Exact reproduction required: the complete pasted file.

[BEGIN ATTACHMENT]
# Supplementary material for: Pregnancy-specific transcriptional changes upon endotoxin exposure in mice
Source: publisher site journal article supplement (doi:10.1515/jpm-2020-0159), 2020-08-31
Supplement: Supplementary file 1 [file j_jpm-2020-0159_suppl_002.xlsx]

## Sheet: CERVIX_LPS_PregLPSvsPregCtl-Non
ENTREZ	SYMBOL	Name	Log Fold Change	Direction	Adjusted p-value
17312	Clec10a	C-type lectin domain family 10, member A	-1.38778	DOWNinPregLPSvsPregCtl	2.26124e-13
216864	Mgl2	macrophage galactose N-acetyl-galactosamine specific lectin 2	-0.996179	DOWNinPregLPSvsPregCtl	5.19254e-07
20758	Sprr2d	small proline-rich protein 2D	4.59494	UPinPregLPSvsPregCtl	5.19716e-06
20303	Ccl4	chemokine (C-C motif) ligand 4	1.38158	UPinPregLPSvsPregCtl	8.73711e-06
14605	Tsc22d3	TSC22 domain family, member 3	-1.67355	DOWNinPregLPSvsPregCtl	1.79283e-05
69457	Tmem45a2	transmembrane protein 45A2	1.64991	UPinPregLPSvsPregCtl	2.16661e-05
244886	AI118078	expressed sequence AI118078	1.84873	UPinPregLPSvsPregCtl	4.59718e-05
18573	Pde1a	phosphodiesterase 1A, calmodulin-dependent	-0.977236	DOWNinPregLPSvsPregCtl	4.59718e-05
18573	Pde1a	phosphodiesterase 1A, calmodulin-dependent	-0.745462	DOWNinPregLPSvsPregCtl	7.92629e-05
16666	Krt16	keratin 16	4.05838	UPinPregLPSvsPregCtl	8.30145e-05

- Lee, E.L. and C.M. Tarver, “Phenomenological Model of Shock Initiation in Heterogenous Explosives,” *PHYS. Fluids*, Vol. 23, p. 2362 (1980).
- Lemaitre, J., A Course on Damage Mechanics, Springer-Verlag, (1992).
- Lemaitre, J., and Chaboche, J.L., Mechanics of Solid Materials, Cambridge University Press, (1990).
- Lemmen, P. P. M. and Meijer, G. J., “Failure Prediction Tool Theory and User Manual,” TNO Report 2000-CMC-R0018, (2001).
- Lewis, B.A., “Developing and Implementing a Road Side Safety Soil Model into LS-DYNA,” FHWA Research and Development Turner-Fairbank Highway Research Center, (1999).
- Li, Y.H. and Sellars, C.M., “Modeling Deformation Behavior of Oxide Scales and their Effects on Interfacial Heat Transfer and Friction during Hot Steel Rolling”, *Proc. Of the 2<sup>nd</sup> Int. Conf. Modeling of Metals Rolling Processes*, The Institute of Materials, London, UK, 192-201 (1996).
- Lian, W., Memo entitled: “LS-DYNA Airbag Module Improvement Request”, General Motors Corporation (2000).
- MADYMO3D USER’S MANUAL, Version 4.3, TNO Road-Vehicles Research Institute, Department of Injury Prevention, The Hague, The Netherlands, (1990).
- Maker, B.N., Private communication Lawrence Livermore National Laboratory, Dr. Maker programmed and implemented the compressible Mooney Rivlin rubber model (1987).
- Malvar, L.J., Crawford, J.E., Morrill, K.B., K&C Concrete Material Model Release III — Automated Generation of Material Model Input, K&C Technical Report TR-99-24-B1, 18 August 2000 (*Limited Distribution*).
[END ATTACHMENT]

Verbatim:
# Supplementary material for: Pregnancy-specific transcriptional changes upon endotoxin exposure in mice
Source: publisher site journal article supplement (doi:10.1515/jpm-2020-0159), 2020-08-31
Supplement: Supplementary file 1 [file j_jpm-2020-0159_suppl_002.xlsx]

## Sheet: CERVIX_LPS_PregLPSvsPregCtl-Non
ENTREZ	SYMBOL	Name	Log Fold Change	Direction	Adjusted p-value
17312	Clec10a	C-type lectin domain family 10, member A	-1.38778	DOWNinPregLPSvsPregCtl	2.26124e-13
216864	Mgl2	macrophage galactose N-acetyl-galactosamine specific lectin 2	-0.996179	DOWNinPregLPSvsPregCtl	5.19254e-07
20758	Sprr2d	small proline-rich protein 2D	4.59494	UPinPregLPSvsPregCtl	5.19716e-06
20303	Ccl4	chemokine (C-C motif) ligand 4	1.38158	UPinPregLPSvsPregCtl	8.73711e-06
14605	Tsc22d3	TSC22 domain family, member 3	-1.67355	DOWNinPregLPSvsPregCtl	1.79283e-05
69457	Tmem45a2	transmembrane protein 45A2	1.64991	UPinPregLPSvsPregCtl	2.16661e-05
244886	AI118078	expressed sequence AI118078	1.84873	UPinPregLPSvsPregCtl	4.59718e-05
18573	Pde1a	phosphodiesterase 1A, calmodulin-dependent	-0.977236	DOWNinPregLPSvsPregCtl	4.59718e-05
18573	Pde1a	phosphodiesterase 1A, calmodulin-dependent	-0.745462	DOWNinPregLPSvsPregCtl	7.92629e-05
16666	Krt16	keratin 16	4.05838	UPinPregLPSvsPregCtl	8.30145e-05

- Lee, E.L. and C.M. Tarver, “Phenomenological Model of Shock Initiation in Heterogenous Explosives,” *PHYS. Fluids*, Vol. 23, p. 2362 (1980).
- Lemaitre, J., A Course on Damage Mechanics, Springer-Verlag, (1992).
- Lemaitre, J., and Chaboche, J.L., Mechanics of Solid Materials, Cambridge University Press, (1990).
- Lemmen, P. P. M. and Meijer, G. J., “Failure Prediction Tool Theory and User Manual,” TNO Report 2000-CMC-R0018, (2001).
- Lewis, B.A., “Developing and Implementing a Road Side Safety Soil Model into LS-DYNA,” FHWA Research and Development Turner-Fairbank Highway Research Center, (1999).
- Li, Y.H. and Sellars, C.M., “Modeling Deformation Behavior of Oxide Scales and their Effects on Interfacial Heat Transfer and Friction during Hot Steel Rolling”, *Proc. Of the 2<sup>nd</sup> Int. Conf. Modeling of Metals Rolling Processes*, The Institute of Materials, London, UK, 192-201 (1996).
- Lian, W., Memo entitled: “LS-DYNA Airbag Module Improvement Request”, General Motors Corporation (2000).
- MADYMO3D USER’S MANUAL, Version 4.3, TNO Road-Vehicles Research Institute, Department of Injury Prevention, The Hague, The Netherlands, (1990).
- Maker, B.N., Private communication Lawrence Livermore National Laboratory, Dr. Maker programmed and implemented the compressible Mooney Rivlin rubber model (1987).
- Malvar, L.J., Crawford, J.E., Morrill, K.B., K&C Concrete Material Model Release III — Automated Generation of Material Model Input, K&C Technical Report TR-99-24-B1, 18 August 2000 (*Limited Distribution*).